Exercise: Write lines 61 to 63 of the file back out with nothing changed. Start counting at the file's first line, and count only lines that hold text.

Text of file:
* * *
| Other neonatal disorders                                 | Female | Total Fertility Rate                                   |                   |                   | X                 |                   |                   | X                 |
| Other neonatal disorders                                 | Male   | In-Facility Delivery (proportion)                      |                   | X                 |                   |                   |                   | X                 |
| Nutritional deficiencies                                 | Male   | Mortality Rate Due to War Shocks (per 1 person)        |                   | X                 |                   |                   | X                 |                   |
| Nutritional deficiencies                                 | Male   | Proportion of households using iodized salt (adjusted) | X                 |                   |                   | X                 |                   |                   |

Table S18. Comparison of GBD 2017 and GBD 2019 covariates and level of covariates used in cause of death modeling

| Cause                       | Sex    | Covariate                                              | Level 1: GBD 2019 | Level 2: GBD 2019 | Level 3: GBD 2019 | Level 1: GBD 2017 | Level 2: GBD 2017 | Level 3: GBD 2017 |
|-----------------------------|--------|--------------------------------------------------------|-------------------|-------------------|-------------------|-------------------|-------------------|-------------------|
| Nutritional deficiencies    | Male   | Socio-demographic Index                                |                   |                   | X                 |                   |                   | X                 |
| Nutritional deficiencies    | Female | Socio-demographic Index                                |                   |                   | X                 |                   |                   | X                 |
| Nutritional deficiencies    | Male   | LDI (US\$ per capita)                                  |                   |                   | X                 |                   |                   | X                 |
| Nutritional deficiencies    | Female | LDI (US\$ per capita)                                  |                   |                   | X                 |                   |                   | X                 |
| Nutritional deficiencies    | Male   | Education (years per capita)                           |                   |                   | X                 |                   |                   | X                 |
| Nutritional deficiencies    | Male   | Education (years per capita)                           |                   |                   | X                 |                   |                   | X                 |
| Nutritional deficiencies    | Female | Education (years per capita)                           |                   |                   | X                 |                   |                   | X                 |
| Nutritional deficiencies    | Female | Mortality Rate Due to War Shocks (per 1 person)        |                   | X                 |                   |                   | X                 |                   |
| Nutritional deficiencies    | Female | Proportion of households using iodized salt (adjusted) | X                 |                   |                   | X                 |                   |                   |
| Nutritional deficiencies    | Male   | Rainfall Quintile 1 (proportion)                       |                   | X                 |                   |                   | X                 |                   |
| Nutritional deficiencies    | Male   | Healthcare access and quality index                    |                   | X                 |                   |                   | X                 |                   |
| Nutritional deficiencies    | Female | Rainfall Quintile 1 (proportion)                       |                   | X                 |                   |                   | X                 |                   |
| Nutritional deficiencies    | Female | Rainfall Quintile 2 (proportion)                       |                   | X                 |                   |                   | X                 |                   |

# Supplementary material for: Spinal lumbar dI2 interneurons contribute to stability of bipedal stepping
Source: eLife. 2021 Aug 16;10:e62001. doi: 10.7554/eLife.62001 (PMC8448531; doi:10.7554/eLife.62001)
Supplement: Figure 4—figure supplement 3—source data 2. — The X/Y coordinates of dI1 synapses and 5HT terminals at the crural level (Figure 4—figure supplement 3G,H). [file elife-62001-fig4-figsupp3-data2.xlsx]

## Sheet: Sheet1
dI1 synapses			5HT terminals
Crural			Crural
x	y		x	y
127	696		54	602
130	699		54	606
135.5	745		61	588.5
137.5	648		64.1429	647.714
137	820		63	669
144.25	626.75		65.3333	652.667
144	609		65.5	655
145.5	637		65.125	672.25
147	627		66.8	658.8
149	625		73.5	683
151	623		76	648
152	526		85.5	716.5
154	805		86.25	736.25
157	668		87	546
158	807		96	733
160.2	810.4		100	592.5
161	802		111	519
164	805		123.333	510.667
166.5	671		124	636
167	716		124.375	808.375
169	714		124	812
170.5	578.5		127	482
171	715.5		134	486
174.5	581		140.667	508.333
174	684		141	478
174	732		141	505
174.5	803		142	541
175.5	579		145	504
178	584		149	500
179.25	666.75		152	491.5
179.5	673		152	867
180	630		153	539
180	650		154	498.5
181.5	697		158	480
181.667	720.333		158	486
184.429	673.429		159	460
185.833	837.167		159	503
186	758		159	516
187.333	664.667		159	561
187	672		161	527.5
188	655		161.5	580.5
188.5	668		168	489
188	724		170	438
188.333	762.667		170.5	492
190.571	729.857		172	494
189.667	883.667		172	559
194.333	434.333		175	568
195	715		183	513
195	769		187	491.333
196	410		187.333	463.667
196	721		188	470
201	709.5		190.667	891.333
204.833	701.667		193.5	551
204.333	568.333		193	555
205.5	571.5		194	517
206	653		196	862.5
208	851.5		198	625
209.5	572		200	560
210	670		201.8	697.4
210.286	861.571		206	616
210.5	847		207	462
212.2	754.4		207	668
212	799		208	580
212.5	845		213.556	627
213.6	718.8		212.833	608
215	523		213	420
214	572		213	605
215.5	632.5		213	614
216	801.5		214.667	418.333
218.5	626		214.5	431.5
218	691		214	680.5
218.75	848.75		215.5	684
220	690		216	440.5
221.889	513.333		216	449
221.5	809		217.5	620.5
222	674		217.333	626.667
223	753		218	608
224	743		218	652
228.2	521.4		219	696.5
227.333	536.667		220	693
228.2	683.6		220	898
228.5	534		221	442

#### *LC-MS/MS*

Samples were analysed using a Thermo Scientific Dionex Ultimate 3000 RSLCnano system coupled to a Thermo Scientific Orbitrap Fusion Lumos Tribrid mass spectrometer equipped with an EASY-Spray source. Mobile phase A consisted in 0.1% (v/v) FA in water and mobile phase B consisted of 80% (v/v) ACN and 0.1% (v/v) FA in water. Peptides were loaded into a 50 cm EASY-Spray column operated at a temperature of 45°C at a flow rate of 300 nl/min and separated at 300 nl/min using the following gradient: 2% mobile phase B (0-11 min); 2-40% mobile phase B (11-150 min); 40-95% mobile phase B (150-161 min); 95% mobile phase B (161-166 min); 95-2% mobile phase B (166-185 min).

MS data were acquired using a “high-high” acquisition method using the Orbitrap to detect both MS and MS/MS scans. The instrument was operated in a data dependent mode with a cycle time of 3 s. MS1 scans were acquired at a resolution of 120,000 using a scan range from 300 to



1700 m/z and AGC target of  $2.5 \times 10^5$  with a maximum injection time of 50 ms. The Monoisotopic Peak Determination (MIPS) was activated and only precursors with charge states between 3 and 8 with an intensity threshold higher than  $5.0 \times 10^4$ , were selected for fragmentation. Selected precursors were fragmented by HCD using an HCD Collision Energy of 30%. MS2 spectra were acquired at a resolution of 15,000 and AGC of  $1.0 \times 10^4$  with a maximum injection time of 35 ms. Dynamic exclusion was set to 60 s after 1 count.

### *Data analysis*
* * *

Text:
181.5	697		158	480
181.667	720.333		158	486
184.429	673.429		159	460